Hospitals have now joined consumer groups and health insurance companies in urging the US government to take a stand on prescription drug pricing. According to a survey conducted by the American Hospital Association and the Federation of American Hospitals, the average inpatient drug cost increased by over 38 percent per patient, between 2013 and 2015.
The price hikes were consistent across a number of different drugs, including branded and generics, as well as those that are either often or rarely administered. As insurers and government programs, such as Medicare, often cover a set amount of drug-related expenses per patient, hospitals are left to cover the bill for pricey drugs.
“The system is clearly broken,” said Scott Knoer, chief pharmacy officer at the Cleveland Clinic. “The [pharmaceutical] industry has proven time and time again it can no longer regulate itself.”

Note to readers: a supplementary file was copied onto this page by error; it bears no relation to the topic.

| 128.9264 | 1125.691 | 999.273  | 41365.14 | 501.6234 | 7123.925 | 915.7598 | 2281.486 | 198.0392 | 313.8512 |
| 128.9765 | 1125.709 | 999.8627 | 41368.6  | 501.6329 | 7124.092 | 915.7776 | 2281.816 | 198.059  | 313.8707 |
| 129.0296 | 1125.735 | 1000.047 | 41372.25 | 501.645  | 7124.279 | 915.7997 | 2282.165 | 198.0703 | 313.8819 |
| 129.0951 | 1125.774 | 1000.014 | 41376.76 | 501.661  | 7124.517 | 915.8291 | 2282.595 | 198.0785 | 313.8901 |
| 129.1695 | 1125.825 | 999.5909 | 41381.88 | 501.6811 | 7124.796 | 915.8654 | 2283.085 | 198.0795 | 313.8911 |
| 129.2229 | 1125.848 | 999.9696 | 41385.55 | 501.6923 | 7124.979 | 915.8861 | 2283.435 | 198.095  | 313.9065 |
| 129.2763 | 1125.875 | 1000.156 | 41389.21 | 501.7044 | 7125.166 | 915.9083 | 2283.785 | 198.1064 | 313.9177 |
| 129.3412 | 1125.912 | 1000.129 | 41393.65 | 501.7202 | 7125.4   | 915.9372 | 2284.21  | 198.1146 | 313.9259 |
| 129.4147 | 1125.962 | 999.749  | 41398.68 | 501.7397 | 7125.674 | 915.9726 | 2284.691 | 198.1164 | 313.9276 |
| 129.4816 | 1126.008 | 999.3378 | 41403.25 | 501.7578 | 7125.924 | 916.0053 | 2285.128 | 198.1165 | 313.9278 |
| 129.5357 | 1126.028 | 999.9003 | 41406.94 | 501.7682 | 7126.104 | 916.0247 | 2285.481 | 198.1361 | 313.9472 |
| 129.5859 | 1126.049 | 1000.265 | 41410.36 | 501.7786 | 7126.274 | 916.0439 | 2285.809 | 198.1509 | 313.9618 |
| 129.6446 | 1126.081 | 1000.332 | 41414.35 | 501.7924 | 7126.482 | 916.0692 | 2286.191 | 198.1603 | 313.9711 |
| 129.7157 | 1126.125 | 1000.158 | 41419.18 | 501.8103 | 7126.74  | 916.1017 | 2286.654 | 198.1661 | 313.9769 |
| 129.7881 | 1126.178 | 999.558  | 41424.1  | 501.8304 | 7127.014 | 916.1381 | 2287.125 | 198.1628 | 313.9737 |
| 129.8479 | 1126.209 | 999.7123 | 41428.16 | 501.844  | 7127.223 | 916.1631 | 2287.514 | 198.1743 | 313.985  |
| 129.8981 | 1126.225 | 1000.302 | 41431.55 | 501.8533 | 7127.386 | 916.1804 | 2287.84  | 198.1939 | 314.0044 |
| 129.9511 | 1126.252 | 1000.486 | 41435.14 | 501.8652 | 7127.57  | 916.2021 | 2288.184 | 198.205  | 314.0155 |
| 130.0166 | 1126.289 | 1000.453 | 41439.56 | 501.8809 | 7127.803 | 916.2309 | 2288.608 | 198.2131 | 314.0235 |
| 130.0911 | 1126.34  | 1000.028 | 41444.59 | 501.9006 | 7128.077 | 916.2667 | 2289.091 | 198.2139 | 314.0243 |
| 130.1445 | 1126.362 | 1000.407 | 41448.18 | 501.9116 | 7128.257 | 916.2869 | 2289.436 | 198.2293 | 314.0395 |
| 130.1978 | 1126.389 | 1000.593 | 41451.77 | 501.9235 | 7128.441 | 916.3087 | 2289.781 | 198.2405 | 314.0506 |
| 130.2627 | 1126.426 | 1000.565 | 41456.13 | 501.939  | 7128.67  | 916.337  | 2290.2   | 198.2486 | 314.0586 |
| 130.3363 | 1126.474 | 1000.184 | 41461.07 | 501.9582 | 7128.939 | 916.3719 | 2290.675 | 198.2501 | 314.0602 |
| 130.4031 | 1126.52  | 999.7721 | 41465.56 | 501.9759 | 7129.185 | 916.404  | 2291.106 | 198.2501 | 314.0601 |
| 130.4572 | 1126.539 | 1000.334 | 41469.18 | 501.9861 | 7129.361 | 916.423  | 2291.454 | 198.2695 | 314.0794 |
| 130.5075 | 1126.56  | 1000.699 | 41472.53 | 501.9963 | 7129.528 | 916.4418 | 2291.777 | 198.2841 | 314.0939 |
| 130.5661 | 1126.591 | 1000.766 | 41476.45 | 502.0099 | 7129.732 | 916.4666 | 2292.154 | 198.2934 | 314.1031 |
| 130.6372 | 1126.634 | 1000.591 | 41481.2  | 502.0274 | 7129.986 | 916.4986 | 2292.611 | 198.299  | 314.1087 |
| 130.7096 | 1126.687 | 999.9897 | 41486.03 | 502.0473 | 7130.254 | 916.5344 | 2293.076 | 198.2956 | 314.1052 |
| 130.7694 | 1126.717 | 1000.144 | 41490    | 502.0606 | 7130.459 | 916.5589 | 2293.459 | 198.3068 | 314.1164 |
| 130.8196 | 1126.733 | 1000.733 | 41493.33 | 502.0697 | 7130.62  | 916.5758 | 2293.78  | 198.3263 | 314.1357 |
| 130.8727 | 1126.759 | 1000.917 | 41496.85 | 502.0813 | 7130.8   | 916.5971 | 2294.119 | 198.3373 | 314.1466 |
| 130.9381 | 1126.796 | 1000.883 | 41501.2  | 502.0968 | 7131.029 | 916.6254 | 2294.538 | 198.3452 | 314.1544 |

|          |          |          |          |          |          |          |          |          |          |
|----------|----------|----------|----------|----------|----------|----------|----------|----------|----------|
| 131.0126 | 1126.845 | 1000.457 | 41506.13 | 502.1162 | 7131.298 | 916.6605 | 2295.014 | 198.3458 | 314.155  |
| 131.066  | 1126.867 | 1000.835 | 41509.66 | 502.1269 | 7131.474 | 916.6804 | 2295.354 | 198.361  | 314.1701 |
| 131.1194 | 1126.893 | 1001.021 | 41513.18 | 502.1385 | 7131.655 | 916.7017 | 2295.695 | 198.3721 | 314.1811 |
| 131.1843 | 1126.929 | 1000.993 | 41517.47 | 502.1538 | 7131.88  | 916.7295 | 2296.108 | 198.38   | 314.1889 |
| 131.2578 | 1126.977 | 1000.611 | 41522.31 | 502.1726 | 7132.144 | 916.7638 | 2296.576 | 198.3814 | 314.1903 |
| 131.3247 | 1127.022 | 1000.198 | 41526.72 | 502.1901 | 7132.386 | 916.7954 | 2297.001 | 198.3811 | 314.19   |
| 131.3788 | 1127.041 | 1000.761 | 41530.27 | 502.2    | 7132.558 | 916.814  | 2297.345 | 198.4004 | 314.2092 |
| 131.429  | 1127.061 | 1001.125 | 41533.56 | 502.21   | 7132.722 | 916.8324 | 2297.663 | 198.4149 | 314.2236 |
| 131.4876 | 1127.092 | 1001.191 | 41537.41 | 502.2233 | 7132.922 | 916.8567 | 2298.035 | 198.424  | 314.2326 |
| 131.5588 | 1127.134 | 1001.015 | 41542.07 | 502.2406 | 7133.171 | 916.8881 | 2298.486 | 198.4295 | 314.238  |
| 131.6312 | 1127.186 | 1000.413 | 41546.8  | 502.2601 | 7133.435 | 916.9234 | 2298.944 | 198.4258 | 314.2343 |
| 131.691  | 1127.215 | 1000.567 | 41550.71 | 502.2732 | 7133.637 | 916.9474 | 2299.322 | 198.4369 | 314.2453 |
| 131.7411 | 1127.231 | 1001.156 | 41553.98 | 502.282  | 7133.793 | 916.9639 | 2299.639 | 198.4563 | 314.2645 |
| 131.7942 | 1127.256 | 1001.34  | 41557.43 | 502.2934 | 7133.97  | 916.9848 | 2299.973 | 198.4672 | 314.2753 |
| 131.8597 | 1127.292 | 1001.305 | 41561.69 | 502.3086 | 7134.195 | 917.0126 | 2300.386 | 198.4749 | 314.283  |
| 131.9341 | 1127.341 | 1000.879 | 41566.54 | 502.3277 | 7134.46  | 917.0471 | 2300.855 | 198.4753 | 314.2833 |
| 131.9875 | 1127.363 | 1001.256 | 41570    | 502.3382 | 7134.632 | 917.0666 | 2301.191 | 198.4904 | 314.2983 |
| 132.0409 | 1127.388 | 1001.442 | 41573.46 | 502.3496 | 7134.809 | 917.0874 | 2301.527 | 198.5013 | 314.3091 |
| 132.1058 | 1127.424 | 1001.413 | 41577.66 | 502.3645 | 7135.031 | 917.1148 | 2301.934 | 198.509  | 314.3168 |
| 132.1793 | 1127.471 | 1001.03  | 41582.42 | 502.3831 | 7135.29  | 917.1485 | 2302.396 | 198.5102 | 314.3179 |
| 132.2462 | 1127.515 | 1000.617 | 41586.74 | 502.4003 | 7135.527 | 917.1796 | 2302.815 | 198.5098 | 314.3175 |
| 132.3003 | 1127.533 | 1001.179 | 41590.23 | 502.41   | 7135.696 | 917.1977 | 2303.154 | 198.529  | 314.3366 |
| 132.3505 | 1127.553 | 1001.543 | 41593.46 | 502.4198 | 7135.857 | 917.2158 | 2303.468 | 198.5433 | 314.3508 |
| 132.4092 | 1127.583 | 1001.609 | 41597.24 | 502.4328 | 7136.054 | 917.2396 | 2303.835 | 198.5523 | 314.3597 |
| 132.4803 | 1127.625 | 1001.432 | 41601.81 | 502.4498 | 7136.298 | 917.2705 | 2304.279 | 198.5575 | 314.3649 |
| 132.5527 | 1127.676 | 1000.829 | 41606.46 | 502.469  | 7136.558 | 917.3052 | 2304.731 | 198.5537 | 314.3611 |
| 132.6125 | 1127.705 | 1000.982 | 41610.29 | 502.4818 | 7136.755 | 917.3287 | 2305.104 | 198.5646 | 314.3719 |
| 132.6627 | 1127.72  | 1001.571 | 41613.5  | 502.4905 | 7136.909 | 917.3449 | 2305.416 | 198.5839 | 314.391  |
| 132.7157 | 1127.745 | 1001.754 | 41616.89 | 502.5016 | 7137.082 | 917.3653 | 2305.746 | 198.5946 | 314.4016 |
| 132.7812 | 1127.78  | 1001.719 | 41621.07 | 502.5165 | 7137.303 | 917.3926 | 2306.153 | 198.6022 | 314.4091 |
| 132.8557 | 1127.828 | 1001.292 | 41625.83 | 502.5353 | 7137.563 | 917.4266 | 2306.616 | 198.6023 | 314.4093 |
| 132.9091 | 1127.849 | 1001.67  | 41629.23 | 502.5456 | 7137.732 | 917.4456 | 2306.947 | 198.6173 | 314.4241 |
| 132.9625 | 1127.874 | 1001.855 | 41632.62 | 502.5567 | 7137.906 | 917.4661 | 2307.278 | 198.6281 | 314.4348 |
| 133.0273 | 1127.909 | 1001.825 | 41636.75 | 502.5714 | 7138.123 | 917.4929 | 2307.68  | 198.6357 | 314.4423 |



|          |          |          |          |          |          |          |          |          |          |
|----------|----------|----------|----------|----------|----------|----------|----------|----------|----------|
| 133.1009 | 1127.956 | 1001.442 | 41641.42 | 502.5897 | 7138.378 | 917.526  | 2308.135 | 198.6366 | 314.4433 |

In all, 712 hospitals were polled, which was combined with data collected from group purchasing organizations supplying an additional 1,400 hospitals. Over 90 percent of the hospitals included in the study reported that drug price increases had a moderate to severe effect on their budgeting abilities.
While the over 3,000 percent price hike on Turing Pharmaceuticals’ Daraprim is the much-referenced example of the pharmaceutical industry pricing problem, many other drugs have seen similar cost increases. On the low end of the spectrum, ephedrine sulfate – used to treat breathing problems such as asthma – saw a 300 percent price increase between 2013 and 2015, leading to a spending increase from $7.5 million to $34.6 million, on that one drug alone.
“This analysis is a real wakeup call on health care spending,” said Federation of American Hospitals President and CEO Chip Kahn. “It confirms what local hospital administrators recognize as a serious and growing problem for their patients. Rapidly rising drug costs combined with unsustainable Medicare and Medicaid cuts put hospitals in an impossible bind.”
According to the study, the majority of price increases were found to be “random, inconsistent and unpredictable.” Pharmaceutical trade groups, including BIO and PhRMA, defend the high costs of newly-approved therapies by highlighting their long-term value as innovative medicines.